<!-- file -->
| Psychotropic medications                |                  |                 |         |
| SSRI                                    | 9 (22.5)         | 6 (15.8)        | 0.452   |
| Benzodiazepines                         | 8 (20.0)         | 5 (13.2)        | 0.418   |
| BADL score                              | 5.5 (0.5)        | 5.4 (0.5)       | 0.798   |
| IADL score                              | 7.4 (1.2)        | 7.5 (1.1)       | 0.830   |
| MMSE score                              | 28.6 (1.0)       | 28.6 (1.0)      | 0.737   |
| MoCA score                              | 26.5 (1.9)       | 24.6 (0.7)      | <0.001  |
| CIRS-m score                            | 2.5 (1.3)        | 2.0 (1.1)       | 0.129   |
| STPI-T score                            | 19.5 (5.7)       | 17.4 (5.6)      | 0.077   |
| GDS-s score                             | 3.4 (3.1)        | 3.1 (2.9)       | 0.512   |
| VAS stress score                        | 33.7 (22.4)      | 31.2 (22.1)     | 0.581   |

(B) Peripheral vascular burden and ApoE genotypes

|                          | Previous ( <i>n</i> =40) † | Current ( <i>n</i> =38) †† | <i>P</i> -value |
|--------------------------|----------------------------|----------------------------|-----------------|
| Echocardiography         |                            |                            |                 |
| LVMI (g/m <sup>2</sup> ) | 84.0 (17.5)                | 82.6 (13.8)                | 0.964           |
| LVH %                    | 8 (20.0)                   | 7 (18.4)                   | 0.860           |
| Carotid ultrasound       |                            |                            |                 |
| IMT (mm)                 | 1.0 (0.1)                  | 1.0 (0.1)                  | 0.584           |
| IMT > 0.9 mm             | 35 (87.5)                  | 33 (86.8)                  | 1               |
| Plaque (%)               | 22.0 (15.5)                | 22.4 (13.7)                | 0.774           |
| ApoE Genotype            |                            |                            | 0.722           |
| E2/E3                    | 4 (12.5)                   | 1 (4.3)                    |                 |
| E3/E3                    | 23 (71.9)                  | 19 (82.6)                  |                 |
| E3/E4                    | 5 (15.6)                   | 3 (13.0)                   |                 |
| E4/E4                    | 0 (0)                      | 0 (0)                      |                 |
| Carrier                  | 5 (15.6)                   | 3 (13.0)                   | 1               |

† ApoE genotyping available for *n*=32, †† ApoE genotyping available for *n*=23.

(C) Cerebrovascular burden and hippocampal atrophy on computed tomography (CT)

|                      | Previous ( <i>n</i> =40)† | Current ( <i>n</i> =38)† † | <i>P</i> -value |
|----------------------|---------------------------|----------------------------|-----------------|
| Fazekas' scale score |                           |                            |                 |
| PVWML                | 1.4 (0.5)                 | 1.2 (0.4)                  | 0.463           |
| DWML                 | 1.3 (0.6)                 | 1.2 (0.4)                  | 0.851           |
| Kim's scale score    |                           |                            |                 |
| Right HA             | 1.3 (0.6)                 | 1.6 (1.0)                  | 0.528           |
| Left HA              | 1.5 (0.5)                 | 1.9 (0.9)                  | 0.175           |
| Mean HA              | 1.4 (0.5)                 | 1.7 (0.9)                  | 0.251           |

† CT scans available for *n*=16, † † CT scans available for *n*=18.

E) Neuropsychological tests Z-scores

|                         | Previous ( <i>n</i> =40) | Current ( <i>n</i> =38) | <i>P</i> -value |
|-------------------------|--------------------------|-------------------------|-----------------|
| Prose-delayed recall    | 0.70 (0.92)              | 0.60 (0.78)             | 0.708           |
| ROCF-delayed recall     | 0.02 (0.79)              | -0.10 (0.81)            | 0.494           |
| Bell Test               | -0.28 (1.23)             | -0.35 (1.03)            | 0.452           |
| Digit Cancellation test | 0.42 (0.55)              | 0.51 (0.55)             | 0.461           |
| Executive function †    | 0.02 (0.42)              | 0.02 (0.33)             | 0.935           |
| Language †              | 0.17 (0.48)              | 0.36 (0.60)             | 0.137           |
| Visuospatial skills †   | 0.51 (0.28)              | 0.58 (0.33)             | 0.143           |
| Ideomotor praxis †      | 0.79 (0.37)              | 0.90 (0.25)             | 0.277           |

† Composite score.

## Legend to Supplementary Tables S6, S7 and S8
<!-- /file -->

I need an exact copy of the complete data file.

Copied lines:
| Psychotropic medications                |                  |                 |         |
| SSRI                                    | 9 (22.5)         | 6 (15.8)        | 0.452   |
| Benzodiazepines                         | 8 (20.0)         | 5 (13.2)        | 0.418   |
| BADL score                              | 5.5 (0.5)        | 5.4 (0.5)       | 0.798   |
| IADL score                              | 7.4 (1.2)        | 7.5 (1.1)       | 0.830   |
| MMSE score                              | 28.6 (1.0)       | 28.6 (1.0)      | 0.737   |
| MoCA score                              | 26.5 (1.9)       | 24.6 (0.7)      | <0.001  |
| CIRS-m score                            | 2.5 (1.3)        | 2.0 (1.1)       | 0.129   |
| STPI-T score                            | 19.5 (5.7)       | 17.4 (5.6)      | 0.077   |
| GDS-s score                             | 3.4 (3.1)        | 3.1 (2.9)       | 0.512   |
| VAS stress score                        | 33.7 (22.4)      | 31.2 (22.1)     | 0.581   |

(B) Peripheral vascular burden and ApoE genotypes

|                          | Previous ( <i>n</i> =40) † | Current ( <i>n</i> =38) †† | <i>P</i> -value |
|--------------------------|----------------------------|----------------------------|-----------------|
| Echocardiography         |                            |                            |                 |
| LVMI (g/m <sup>2</sup> ) | 84.0 (17.5)                | 82.6 (13.8)                | 0.964           |
| LVH %                    | 8 (20.0)                   | 7 (18.4)                   | 0.860           |
| Carotid ultrasound       |                            |                            |                 |
| IMT (mm)                 | 1.0 (0.1)                  | 1.0 (0.1)                  | 0.584           |
| IMT > 0.9 mm             | 35 (87.5)                  | 33 (86.8)                  | 1               |
| Plaque (%)               | 22.0 (15.5)                | 22.4 (13.7)                | 0.774           |
| ApoE Genotype            |                            |                            | 0.722           |
| E2/E3                    | 4 (12.5)                   | 1 (4.3)                    |                 |
| E3/E3                    | 23 (71.9)                  | 19 (82.6)                  |                 |
| E3/E4                    | 5 (15.6)                   | 3 (13.0)                   |                 |
| E4/E4                    | 0 (0)                      | 0 (0)                      |                 |
| Carrier                  | 5 (15.6)                   | 3 (13.0)                   | 1               |

† ApoE genotyping available for *n*=32, †† ApoE genotyping available for *n*=23.

(C) Cerebrovascular burden and hippocampal atrophy on computed tomography (CT)

|                      | Previous ( <i>n</i> =40)† | Current ( <i>n</i> =38)† † | <i>P</i> -value |
|----------------------|---------------------------|----------------------------|-----------------|
| Fazekas' scale score |                           |                            |                 |
| PVWML                | 1.4 (0.5)                 | 1.2 (0.4)                  | 0.463           |
| DWML                 | 1.3 (0.6)                 | 1.2 (0.4)                  | 0.851           |
| Kim's scale score    |                           |                            |                 |
| Right HA             | 1.3 (0.6)                 | 1.6 (1.0)                  | 0.528           |
| Left HA              | 1.5 (0.5)                 | 1.9 (0.9)                  | 0.175           |
| Mean HA              | 1.4 (0.5)                 | 1.7 (0.9)                  | 0.251           |

† CT scans available for *n*=16, † † CT scans available for *n*=18.

E) Neuropsychological tests Z-scores

|                         | Previous ( <i>n</i> =40) | Current ( <i>n</i> =38) | <i>P</i> -value |
|-------------------------|--------------------------|-------------------------|-----------------|
| Prose-delayed recall    | 0.70 (0.92)              | 0.60 (0.78)             | 0.708           |
| ROCF-delayed recall     | 0.02 (0.79)              | -0.10 (0.81)            | 0.494           |
| Bell Test               | -0.28 (1.23)             | -0.35 (1.03)            | 0.452           |
| Digit Cancellation test | 0.42 (0.55)              | 0.51 (0.55)             | 0.461           |
| Executive function †    | 0.02 (0.42)              | 0.02 (0.33)             | 0.935           |
| Language †              | 0.17 (0.48)              | 0.36 (0.60)             | 0.137           |
| Visuospatial skills †   | 0.51 (0.28)              | 0.58 (0.33)             | 0.143           |
| Ideomotor praxis †      | 0.79 (0.37)              | 0.90 (0.25)             | 0.277           |

† Composite score.

## Legend to Supplementary Tables S6, S7 and S8